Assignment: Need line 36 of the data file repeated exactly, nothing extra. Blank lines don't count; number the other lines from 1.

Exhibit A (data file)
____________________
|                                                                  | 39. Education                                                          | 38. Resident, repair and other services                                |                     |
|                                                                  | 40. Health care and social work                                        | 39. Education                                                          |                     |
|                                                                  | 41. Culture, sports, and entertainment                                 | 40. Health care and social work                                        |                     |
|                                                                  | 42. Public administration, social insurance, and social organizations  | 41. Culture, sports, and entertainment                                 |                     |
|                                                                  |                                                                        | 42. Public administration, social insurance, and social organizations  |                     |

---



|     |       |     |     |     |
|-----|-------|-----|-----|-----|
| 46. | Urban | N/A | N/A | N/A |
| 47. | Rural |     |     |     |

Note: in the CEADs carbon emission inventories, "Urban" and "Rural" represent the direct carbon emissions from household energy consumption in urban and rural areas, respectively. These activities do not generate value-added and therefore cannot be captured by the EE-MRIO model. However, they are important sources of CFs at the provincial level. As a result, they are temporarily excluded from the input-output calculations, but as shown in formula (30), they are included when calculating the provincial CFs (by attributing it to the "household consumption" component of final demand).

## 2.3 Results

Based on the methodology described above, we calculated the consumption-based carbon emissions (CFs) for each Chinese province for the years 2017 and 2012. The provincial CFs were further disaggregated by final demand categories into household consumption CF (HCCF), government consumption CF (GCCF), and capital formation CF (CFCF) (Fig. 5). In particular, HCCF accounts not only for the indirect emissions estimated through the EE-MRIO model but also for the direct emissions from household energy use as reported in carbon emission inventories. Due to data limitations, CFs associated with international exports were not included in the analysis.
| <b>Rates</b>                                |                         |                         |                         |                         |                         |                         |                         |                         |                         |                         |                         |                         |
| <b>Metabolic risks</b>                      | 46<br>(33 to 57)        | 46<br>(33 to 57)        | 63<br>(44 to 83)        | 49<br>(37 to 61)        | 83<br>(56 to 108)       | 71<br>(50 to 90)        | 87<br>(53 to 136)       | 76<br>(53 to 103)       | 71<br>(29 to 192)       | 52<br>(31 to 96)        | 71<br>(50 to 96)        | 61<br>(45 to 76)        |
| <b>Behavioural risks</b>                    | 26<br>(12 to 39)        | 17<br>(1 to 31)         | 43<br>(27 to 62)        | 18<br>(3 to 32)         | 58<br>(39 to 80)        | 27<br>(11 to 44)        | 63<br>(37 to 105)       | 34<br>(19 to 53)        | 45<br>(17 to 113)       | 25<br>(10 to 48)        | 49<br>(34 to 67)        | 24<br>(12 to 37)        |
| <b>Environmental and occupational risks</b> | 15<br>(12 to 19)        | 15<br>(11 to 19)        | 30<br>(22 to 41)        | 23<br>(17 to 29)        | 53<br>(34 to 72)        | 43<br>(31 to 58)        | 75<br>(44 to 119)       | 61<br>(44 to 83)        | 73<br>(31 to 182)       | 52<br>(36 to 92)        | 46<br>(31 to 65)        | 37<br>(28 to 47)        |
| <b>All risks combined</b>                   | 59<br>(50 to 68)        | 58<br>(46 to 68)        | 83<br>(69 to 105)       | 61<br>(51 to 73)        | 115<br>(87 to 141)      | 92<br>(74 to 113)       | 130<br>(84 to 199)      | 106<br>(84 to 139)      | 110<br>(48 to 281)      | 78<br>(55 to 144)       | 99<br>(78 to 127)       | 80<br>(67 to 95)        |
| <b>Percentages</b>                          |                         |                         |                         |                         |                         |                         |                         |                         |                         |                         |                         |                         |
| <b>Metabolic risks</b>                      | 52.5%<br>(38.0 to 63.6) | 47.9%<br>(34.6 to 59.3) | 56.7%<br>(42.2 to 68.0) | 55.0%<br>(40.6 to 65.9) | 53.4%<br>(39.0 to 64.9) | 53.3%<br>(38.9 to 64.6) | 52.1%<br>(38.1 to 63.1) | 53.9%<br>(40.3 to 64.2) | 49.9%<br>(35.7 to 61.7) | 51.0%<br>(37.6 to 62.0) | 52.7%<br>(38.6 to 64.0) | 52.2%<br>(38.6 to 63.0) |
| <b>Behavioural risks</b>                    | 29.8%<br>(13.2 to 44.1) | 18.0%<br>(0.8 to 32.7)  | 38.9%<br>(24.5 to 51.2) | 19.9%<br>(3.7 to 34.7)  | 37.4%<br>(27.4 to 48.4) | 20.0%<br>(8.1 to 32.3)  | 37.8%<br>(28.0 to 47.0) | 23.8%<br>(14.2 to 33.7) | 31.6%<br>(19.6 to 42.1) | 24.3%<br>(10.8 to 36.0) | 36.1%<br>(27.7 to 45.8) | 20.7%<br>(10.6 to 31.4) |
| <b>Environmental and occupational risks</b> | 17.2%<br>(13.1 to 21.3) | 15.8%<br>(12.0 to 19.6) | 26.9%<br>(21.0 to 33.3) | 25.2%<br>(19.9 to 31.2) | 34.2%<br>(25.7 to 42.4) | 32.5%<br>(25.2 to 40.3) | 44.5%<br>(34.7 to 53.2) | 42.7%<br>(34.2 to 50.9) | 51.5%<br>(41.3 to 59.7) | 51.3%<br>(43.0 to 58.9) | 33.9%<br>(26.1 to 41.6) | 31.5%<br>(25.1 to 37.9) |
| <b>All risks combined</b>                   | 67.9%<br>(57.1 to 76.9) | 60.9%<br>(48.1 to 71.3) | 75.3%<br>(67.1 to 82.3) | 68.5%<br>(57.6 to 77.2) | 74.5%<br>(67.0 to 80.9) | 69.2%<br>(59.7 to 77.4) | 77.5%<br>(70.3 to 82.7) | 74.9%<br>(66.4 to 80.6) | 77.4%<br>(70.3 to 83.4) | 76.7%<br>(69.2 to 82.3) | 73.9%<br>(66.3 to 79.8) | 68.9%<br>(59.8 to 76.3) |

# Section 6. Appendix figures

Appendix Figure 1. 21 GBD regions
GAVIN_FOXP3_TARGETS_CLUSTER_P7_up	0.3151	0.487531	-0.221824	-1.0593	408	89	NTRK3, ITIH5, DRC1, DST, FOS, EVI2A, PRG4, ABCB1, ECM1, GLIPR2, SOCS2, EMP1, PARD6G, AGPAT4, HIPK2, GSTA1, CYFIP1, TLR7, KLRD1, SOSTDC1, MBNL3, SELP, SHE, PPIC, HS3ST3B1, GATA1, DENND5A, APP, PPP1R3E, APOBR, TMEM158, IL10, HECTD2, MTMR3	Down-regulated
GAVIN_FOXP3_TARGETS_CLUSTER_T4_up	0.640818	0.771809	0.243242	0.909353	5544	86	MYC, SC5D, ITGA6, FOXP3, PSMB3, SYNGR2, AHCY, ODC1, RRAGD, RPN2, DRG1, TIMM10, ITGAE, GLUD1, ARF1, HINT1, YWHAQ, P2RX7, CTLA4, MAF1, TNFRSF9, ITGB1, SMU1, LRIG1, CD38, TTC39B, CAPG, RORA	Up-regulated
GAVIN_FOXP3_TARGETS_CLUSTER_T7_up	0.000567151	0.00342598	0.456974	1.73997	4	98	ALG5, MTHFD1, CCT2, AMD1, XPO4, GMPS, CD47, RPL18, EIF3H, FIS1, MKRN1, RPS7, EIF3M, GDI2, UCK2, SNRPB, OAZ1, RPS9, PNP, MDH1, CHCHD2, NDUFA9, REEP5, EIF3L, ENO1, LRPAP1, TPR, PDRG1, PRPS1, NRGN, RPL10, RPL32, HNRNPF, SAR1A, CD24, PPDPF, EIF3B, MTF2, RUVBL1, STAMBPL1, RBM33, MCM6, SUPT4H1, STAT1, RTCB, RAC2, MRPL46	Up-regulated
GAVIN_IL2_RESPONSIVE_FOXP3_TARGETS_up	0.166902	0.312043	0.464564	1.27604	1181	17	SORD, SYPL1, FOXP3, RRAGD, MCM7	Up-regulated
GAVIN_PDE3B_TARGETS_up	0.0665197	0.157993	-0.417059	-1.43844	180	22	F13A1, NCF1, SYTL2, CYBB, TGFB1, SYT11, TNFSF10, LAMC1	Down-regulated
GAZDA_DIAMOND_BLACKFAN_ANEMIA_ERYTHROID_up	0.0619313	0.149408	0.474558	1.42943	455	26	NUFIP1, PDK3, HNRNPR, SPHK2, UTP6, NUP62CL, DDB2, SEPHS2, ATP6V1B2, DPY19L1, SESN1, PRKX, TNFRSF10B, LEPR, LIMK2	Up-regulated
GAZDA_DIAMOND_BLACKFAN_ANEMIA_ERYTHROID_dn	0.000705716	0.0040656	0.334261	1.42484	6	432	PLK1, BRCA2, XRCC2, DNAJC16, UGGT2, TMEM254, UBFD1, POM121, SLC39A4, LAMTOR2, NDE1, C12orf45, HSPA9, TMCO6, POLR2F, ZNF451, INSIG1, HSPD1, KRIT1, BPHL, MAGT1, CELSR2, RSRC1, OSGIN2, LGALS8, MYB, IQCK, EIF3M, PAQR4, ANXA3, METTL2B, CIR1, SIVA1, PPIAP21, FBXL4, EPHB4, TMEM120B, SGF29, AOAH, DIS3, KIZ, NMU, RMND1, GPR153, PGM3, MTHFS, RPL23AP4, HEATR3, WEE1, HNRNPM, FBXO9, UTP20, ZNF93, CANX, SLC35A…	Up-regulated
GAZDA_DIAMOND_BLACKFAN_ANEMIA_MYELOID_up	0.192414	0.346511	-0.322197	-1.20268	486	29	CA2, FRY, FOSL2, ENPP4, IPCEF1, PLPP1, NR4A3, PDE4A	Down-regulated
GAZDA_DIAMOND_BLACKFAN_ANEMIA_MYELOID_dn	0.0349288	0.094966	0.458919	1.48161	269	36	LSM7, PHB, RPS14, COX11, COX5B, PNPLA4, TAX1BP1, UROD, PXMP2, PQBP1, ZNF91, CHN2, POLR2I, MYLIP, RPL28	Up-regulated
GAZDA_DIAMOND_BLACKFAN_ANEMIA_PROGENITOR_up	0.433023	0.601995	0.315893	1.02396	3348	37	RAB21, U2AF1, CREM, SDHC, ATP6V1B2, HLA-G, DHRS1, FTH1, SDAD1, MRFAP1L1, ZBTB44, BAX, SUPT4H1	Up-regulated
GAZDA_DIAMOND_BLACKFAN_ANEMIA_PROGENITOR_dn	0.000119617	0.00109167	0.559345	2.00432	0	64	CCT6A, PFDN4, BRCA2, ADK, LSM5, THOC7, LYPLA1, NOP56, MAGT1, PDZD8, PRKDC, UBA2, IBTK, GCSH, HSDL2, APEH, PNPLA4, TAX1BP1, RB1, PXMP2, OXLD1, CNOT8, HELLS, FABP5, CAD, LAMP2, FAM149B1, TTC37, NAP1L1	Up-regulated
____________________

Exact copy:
GAZDA_DIAMOND_BLACKFAN_ANEMIA_PROGENITOR_dn	0.000119617	0.00109167	0.559345	2.00432	0	64	CCT6A, PFDN4, BRCA2, ADK, LSM5, THOC7, LYPLA1, NOP56, MAGT1, PDZD8, PRKDC, UBA2, IBTK, GCSH, HSDL2, APEH, PNPLA4, TAX1BP1, RB1, PXMP2, OXLD1, CNOT8, HELLS, FABP5, CAD, LAMP2, FAM149B1, TTC37, NAP1L1	Up-regulated